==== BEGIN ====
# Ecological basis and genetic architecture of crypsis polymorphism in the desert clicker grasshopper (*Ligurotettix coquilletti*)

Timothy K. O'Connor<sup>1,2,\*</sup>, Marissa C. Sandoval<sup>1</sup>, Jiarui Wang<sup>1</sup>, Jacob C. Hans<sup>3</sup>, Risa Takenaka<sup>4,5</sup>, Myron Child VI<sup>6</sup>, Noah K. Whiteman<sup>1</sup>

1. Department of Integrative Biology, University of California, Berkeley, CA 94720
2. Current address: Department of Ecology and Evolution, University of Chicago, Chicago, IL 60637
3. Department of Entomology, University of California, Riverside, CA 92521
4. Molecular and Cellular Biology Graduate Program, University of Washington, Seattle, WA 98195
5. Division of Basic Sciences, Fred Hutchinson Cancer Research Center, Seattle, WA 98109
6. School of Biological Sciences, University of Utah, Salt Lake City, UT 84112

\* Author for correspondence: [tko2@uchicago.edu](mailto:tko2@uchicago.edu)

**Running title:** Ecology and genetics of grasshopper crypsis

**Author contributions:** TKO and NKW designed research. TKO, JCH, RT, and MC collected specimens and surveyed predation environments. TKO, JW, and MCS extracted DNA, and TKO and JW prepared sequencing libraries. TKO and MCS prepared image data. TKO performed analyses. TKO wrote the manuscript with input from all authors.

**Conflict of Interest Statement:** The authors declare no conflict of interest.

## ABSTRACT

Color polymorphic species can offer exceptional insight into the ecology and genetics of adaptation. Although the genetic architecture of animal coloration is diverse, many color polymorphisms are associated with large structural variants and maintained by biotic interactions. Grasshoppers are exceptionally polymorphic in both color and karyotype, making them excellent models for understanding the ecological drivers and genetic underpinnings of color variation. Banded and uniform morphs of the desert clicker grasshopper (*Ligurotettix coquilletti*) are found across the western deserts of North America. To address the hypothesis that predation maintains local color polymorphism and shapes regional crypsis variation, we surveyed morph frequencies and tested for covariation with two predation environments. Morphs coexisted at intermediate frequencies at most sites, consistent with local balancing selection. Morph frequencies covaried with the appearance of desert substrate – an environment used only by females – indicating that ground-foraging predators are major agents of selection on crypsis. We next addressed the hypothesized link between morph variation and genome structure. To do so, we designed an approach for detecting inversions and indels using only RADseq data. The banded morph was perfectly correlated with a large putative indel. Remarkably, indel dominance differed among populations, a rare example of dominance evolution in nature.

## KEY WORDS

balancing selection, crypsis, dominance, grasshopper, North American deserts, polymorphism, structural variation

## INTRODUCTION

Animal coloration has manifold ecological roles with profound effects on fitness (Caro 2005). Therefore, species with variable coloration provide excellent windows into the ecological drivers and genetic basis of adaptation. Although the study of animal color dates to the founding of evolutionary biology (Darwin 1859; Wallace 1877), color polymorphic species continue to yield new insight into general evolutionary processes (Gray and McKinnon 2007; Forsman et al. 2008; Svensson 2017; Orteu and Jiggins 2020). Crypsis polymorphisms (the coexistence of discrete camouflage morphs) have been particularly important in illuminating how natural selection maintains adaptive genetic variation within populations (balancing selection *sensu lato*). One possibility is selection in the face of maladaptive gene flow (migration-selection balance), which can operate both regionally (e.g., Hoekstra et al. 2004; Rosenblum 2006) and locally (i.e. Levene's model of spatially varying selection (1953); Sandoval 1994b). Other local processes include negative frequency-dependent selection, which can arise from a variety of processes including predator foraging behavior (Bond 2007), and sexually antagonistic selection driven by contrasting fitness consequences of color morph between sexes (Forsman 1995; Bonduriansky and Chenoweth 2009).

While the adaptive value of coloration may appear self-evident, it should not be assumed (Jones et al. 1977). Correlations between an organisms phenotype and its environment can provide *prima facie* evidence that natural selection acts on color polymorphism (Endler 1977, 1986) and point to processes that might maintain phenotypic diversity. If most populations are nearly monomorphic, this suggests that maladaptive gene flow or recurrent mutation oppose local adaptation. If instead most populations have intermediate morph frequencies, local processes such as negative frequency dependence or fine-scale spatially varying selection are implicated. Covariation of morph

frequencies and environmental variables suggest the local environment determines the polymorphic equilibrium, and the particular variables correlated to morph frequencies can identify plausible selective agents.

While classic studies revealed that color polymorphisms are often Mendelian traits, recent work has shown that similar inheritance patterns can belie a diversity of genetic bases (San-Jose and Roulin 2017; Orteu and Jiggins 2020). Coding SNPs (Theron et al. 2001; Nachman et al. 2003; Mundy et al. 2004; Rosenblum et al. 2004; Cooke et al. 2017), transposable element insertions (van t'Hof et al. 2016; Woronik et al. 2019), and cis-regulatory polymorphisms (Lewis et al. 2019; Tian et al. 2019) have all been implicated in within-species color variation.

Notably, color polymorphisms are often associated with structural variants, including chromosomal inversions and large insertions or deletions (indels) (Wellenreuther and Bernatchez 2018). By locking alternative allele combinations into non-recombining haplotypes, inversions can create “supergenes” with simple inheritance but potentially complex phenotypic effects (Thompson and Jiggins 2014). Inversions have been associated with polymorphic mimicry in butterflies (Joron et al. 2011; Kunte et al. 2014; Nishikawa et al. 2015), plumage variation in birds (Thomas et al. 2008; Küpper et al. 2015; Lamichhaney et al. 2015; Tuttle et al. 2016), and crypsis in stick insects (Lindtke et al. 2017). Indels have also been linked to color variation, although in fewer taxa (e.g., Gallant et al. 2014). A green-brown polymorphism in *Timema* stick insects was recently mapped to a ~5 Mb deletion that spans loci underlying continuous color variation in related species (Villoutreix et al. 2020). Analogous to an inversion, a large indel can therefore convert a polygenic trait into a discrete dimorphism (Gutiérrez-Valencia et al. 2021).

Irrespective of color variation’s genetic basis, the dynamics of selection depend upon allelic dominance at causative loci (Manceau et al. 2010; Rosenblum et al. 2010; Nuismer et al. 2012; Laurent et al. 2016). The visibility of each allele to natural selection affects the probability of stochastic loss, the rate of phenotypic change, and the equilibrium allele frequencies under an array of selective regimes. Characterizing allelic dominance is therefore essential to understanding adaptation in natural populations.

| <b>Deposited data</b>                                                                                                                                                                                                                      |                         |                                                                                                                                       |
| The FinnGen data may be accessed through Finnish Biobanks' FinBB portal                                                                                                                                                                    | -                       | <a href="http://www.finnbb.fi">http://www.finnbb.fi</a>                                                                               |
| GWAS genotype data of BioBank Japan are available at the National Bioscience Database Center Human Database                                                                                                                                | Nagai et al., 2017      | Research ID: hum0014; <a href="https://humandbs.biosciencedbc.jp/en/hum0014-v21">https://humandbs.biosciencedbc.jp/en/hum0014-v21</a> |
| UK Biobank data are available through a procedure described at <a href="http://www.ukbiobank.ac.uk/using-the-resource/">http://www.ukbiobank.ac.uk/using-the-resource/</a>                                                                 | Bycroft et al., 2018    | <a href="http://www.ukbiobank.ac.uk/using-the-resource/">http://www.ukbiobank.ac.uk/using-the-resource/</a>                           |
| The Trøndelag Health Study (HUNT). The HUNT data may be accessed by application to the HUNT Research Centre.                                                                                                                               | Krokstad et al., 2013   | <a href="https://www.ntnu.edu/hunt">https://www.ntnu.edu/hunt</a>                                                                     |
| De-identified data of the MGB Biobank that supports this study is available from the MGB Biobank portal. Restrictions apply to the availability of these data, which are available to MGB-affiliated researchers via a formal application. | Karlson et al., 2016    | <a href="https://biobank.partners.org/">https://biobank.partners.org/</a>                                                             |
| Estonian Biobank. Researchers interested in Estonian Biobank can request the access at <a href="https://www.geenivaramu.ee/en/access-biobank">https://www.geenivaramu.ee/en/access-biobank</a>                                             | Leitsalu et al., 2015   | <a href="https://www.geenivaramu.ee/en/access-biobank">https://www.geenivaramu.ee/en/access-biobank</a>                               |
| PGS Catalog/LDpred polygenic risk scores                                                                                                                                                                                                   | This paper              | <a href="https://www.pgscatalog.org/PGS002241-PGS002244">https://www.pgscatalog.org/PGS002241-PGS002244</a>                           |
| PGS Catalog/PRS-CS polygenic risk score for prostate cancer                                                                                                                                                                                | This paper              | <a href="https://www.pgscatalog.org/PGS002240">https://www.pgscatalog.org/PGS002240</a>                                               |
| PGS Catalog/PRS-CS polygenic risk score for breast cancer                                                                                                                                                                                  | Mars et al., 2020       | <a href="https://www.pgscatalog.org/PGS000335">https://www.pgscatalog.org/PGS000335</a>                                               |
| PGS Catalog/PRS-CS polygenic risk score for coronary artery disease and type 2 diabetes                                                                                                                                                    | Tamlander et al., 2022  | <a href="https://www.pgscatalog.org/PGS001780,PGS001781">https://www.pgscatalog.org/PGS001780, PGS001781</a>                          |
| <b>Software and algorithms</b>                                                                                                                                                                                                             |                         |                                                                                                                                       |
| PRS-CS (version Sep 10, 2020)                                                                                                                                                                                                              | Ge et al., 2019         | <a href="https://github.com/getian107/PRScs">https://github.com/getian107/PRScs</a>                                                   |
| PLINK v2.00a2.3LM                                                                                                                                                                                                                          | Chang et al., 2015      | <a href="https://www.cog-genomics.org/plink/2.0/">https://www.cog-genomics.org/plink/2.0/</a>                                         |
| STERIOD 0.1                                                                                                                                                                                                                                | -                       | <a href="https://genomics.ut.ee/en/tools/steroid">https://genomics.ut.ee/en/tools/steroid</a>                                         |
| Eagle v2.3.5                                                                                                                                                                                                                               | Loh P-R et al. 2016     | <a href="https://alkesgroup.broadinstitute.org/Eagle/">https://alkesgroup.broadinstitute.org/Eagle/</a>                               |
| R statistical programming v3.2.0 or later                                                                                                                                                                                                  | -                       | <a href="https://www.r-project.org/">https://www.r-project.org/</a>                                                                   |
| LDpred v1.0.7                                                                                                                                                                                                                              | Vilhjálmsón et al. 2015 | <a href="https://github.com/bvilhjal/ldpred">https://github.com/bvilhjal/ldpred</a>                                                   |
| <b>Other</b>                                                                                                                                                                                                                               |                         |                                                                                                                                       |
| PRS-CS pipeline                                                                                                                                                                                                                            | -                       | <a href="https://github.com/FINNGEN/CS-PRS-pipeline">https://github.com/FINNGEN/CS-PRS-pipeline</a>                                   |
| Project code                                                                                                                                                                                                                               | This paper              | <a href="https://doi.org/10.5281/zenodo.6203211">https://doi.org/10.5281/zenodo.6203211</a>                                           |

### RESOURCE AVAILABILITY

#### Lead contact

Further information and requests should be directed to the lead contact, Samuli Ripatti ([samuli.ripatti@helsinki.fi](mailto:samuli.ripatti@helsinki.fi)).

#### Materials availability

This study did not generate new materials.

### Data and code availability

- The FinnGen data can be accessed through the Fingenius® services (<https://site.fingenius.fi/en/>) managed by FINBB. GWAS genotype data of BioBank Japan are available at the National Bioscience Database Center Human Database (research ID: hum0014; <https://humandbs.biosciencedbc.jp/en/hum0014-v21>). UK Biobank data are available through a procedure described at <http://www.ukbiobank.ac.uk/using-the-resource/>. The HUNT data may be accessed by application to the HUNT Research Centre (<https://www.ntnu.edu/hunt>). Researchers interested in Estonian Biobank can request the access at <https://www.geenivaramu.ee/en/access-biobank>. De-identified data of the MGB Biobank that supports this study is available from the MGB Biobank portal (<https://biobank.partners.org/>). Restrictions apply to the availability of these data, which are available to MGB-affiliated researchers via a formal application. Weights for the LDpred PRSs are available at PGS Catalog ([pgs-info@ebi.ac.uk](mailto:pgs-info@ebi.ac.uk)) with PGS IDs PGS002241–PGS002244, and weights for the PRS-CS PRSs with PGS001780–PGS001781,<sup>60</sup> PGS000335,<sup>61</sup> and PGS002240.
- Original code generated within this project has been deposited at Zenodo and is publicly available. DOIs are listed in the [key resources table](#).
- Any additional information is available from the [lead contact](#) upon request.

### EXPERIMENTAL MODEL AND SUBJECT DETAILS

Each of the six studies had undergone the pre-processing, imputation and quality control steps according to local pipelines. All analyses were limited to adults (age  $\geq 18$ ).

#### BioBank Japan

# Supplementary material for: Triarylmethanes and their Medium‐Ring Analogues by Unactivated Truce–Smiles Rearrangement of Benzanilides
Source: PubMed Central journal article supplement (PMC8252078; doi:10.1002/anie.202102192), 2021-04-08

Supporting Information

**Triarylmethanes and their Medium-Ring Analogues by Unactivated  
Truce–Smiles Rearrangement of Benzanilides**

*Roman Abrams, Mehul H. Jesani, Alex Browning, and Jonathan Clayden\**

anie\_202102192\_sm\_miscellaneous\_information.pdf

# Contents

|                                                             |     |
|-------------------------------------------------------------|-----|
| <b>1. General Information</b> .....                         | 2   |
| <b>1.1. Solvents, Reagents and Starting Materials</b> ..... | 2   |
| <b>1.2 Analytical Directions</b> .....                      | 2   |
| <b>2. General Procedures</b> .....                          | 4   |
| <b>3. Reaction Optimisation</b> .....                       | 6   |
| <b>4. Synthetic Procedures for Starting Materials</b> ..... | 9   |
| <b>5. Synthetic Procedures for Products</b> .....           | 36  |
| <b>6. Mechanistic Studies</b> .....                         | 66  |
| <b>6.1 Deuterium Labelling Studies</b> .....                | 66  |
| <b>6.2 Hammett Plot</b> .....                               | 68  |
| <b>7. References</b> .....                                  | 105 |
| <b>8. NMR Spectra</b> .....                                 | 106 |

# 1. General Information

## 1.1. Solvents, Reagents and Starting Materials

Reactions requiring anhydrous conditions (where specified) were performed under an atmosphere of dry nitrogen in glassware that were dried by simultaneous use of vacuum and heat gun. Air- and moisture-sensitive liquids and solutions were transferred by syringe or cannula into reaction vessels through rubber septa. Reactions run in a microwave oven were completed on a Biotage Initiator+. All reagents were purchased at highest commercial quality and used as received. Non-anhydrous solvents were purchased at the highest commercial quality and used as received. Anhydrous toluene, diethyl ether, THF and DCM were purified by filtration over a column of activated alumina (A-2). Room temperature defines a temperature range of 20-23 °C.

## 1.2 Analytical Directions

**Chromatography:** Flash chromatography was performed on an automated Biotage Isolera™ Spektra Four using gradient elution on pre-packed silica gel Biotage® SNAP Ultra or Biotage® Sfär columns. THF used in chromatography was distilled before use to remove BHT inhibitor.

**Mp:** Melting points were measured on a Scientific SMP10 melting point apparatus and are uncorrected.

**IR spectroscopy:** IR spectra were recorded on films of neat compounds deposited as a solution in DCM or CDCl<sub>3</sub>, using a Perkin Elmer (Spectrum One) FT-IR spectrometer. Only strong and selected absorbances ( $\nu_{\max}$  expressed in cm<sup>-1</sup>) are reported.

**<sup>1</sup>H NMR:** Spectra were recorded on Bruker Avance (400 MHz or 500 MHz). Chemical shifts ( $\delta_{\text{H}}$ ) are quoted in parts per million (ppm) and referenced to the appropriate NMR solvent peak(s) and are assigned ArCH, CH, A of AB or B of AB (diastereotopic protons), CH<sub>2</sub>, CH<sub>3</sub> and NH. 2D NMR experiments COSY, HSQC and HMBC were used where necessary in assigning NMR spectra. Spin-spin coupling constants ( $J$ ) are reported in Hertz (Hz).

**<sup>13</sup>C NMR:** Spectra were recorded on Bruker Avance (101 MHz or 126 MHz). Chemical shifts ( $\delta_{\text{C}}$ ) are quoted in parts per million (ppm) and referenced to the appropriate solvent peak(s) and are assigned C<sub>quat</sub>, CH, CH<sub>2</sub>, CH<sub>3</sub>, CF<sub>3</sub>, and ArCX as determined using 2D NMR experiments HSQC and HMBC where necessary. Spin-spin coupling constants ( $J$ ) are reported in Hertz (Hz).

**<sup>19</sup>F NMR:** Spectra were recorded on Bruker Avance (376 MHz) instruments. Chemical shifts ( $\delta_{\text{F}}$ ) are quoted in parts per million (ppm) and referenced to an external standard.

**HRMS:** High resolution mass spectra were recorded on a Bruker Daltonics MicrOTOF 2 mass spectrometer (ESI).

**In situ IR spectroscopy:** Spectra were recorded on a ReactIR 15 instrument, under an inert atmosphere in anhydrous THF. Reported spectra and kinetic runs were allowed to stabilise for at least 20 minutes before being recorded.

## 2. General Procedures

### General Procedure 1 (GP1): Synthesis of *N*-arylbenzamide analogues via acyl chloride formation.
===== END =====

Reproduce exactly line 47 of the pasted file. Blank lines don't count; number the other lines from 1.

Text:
Further information and requests should be directed to the lead contact, Samuli Ripatti ([samuli.ripatti@helsinki.fi](mailto:samuli.ripatti@helsinki.fi)).